She applied the Page 69 Test to her new novel, Hailey’s War, and reported the following:
Let me give you the simple and direct summary first. Hailey Cain was dismissed from West Point for a reason she won’t talk about. She’s making her living as a bike messenger on the crazy streets of San Francisco, when she gets a call from an old friend in Los Angeles, Serena Delgadillo. The police know Serena as ‘Warchild’, head of the Trece Sucias, an East L.A. gang. Serena needs a favor: she needs someone to drive a Mexican-born girl, Nidia Hernandez, home to the Sierra Madre to care for a sick grandmother. Hailey takes on the job, but she and her charge are ambushed by armed men in a narrow mountain tunnel, and Hailey is nearly killed. Once she’s back on her feet and back in the States, finding Nidia -- and answers, and justice -- become her mission.Read the opening pages of Hailey’s War, a Q & A with the author, and more on Jodi Compton's website.
I think of this book -- the main storyline, at least -- as a combination of two classic plots: the ‘failed bodyguard’ story (hero has to redeem himself/herself after trying but failing to protect an innocent) and ‘loner defies a powerful mobster’ (that probably needs no explanation). But on top of that simple frame, I layered a number of things which preoccupied me back in 2006: gang life and culture; the Latin language, the short but fascinating Biblical book of Jonah, and the colorful, inarticulate, endearing young people of California.
On page 69, you’re at an El Paso motel with Hailey and Nidia. They’ll cross the border the next day, but Hailey is getting a sense of oddness off Nidia and her need to go back to rural Mexico, and calls Serena to talk about it. It’s here that you’re getting a sense that all is not what it seems with the ‘simple job’ of Hailey driving Nidia across the border.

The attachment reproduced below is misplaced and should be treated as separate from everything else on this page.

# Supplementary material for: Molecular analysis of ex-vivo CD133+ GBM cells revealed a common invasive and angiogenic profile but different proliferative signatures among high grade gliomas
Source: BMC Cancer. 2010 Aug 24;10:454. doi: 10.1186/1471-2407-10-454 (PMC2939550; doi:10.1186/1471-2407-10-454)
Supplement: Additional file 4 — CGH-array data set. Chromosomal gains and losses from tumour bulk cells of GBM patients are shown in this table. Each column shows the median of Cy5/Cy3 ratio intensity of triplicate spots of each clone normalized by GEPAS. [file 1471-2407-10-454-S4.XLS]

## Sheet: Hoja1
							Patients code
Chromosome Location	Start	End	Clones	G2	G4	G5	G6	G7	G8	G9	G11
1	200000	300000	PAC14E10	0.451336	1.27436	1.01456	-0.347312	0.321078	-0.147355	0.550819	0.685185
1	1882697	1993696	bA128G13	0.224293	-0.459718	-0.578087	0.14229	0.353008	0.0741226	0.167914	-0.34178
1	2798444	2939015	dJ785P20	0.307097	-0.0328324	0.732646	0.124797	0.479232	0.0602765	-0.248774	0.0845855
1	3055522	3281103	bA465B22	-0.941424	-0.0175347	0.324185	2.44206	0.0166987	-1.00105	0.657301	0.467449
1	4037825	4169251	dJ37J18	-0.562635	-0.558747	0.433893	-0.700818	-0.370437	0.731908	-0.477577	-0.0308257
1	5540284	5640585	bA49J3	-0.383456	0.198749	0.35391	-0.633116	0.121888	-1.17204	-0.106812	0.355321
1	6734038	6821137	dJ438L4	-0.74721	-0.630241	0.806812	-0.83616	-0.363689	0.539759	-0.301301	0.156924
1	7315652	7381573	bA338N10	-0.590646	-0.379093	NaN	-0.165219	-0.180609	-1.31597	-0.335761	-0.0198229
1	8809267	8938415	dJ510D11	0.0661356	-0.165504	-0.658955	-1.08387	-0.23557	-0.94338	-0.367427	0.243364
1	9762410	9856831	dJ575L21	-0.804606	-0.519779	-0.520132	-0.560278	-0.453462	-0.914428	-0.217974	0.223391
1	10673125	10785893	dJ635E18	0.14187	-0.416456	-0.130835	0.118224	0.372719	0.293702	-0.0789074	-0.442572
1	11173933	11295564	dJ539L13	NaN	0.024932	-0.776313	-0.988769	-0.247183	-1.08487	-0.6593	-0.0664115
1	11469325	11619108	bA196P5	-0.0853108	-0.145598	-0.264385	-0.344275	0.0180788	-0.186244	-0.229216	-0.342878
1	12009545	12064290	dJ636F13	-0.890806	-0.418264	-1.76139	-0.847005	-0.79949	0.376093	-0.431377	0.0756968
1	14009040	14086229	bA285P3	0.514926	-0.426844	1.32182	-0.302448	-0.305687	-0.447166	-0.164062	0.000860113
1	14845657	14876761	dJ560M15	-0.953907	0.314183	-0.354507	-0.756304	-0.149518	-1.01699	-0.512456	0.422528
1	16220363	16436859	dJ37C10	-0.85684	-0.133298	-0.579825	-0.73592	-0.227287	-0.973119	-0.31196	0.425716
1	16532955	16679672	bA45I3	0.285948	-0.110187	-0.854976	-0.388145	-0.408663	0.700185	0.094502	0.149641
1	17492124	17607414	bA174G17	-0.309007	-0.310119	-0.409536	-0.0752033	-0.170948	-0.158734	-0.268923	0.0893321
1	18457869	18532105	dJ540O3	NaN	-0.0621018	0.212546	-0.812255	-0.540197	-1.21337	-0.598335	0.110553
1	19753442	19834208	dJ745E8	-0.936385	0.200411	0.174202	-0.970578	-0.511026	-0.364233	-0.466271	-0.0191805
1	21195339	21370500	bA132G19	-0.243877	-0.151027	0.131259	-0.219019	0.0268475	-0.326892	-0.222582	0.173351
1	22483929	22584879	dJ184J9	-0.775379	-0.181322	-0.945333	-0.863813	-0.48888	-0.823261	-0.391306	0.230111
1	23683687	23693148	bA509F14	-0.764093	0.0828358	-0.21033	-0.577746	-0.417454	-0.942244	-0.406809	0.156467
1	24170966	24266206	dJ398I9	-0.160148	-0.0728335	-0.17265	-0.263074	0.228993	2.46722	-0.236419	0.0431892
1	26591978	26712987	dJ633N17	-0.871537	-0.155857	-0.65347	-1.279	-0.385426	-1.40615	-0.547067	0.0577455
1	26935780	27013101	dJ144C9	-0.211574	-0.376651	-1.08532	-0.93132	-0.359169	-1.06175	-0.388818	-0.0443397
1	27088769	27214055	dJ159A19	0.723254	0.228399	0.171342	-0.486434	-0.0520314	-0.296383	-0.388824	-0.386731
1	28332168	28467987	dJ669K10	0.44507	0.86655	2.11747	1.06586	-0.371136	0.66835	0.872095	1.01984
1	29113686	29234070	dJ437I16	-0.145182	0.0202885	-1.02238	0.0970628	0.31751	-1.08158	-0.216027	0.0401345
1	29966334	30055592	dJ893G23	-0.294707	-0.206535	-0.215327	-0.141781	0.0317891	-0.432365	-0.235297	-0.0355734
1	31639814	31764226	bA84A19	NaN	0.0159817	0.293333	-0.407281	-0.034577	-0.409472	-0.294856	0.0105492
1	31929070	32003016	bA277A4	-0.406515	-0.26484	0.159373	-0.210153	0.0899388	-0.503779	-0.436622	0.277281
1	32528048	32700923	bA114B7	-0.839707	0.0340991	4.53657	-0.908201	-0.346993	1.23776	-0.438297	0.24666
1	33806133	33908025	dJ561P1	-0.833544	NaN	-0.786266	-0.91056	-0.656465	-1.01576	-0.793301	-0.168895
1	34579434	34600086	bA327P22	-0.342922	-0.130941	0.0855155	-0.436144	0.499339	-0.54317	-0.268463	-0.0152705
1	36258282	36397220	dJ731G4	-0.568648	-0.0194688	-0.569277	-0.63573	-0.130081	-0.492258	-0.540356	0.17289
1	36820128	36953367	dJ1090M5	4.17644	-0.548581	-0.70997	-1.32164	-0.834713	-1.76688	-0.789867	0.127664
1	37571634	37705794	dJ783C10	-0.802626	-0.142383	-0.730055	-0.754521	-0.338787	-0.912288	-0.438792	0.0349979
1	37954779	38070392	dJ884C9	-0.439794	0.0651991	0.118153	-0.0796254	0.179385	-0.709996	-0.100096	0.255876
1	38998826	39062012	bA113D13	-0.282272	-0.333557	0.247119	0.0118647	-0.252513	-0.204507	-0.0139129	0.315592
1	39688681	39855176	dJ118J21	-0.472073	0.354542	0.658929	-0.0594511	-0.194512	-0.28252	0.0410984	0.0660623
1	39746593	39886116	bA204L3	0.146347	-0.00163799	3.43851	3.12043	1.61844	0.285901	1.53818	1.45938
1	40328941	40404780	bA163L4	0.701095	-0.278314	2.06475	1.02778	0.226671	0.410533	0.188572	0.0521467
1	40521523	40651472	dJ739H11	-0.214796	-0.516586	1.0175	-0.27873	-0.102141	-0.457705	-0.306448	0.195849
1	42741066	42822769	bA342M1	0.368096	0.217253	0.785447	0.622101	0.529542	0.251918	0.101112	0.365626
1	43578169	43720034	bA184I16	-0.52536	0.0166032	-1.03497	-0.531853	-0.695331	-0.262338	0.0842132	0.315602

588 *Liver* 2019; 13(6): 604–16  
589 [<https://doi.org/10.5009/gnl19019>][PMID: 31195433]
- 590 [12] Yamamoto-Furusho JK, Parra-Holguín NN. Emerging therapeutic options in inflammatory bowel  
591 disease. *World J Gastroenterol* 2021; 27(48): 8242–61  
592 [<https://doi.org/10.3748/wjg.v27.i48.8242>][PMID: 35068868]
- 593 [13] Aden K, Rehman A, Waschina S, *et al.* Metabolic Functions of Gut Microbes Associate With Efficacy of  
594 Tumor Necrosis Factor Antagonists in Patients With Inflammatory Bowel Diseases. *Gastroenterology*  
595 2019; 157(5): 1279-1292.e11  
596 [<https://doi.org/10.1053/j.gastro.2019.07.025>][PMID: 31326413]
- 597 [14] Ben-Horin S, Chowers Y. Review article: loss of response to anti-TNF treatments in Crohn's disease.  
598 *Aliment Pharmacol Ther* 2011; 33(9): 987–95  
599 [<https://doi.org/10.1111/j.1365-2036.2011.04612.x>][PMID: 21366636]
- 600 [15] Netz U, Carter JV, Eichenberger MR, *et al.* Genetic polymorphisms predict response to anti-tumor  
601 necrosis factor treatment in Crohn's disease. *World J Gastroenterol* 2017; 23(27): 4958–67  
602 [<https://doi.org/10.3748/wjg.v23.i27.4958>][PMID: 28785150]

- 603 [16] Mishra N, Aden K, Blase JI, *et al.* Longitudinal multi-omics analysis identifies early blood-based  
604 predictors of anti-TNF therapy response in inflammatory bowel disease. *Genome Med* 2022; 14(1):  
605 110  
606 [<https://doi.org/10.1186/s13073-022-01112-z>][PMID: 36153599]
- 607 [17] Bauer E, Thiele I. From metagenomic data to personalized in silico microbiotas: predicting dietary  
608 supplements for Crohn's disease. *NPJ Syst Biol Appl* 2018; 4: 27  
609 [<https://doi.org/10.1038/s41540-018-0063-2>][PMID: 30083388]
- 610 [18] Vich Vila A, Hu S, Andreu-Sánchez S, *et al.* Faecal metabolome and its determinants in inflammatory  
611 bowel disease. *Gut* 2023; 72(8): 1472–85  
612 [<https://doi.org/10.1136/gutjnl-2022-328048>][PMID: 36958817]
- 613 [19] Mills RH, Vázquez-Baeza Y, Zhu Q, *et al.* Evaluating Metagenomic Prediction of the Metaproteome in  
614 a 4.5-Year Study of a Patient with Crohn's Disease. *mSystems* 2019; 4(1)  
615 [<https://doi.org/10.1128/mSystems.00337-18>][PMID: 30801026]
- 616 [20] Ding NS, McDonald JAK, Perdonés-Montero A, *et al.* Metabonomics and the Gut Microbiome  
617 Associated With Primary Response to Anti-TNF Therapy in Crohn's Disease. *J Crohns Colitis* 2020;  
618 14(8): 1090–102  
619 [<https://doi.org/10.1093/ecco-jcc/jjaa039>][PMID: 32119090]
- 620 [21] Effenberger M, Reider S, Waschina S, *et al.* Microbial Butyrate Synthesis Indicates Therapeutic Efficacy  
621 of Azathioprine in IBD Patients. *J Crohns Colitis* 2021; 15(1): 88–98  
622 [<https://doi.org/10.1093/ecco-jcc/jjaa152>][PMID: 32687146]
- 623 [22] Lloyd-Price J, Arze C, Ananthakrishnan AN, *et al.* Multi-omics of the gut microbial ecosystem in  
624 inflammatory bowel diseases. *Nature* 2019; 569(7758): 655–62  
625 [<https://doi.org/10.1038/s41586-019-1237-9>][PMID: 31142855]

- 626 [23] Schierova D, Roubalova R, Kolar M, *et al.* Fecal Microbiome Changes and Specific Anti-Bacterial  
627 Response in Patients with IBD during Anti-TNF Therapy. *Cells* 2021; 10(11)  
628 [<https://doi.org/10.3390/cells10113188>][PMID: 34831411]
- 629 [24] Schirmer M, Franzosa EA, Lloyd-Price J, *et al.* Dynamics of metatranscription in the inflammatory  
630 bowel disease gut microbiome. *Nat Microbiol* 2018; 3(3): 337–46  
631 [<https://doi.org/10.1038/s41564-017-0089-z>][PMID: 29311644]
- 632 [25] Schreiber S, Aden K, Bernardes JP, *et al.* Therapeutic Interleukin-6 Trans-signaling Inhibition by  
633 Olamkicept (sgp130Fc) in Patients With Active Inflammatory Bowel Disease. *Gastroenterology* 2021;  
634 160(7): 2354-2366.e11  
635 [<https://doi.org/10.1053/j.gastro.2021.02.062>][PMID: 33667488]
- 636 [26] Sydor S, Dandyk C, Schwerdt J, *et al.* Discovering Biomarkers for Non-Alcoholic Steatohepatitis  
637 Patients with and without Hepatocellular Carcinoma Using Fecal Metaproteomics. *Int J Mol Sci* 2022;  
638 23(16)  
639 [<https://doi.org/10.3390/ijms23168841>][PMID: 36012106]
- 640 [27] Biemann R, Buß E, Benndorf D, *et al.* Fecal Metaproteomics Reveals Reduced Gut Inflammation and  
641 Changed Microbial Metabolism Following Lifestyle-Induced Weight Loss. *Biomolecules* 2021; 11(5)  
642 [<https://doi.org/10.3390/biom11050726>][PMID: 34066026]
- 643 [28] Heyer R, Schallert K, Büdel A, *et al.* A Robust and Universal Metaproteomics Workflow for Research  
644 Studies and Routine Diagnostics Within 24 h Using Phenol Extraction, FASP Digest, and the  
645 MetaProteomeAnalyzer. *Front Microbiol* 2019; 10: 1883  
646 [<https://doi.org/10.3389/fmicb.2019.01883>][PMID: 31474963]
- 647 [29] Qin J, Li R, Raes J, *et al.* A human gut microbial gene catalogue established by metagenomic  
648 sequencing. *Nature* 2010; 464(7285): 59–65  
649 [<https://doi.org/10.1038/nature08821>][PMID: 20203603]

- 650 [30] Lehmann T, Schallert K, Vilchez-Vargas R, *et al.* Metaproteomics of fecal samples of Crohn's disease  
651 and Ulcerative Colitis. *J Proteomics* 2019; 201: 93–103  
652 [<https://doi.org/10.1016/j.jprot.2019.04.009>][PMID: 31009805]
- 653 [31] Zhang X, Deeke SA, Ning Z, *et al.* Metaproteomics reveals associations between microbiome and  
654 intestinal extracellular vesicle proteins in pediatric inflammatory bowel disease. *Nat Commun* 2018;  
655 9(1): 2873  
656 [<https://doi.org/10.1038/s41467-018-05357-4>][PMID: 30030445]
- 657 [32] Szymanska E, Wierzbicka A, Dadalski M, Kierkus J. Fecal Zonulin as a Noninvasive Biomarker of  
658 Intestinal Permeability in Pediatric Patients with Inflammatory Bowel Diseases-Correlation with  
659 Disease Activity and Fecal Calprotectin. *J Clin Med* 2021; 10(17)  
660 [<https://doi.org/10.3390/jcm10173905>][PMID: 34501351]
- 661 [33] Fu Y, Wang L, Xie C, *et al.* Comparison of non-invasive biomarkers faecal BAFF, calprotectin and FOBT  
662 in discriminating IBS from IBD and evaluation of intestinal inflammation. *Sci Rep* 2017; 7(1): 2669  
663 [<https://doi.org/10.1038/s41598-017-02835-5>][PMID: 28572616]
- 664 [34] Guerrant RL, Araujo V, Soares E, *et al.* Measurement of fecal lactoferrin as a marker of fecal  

Page 69:... it seemed to me that Nidia’s family was abandoning her to indefinite life in Mexico. Was that so bad? Maybe I was being an American chauvinist. Except there was a reason so many Mexicans, including Nidia’s parents, had come to El Norte. I wondered why Nidia’s mother hadn’t taken it on herself to go back and take care of her ailing mother, instead of sacrificing the hopes and dreams of a daughter just on the cusp of adulthood.
“Nidia,” I said, picking up my cell phone, “I’ll be back in a minute, okay?”
I went out to the pool area -- it was deserted now, though the water glowed an inviting turquoise -- and made a call.
Serena picked up on the third ring. “Hailey, what’s up?” she said. “Where are you? Mexico?”
“We’re still in Texas,” I said. “Listen, I’m getting a funny feeling about this.”
“What do you really know about this family?” I said. “Did you know any of them except Teaser?”
“Why? What’s wrong?” she repeated.
I sat down on a chaise, still looking at the calm water of the pool. “Well, Nidia’s only nineteen,” I said. “Once she crosses the border, who knows if she’ll ever get back? Most Mexican parents who bring their families across do so at great risk, so their kids can have better lives. It just doesn’t make a lot of sense that they’re forcing her to go back.”
“Maybe it makes sense because their grandma is sick and needs help,” she said. “Mexicans are very family-oriented, and --”
“No. No way,” I said. “Don’t even start with that you’re-white-you-wouldn’t-understand rap....”
Check out the complete list of books in the Page 69 Test Series.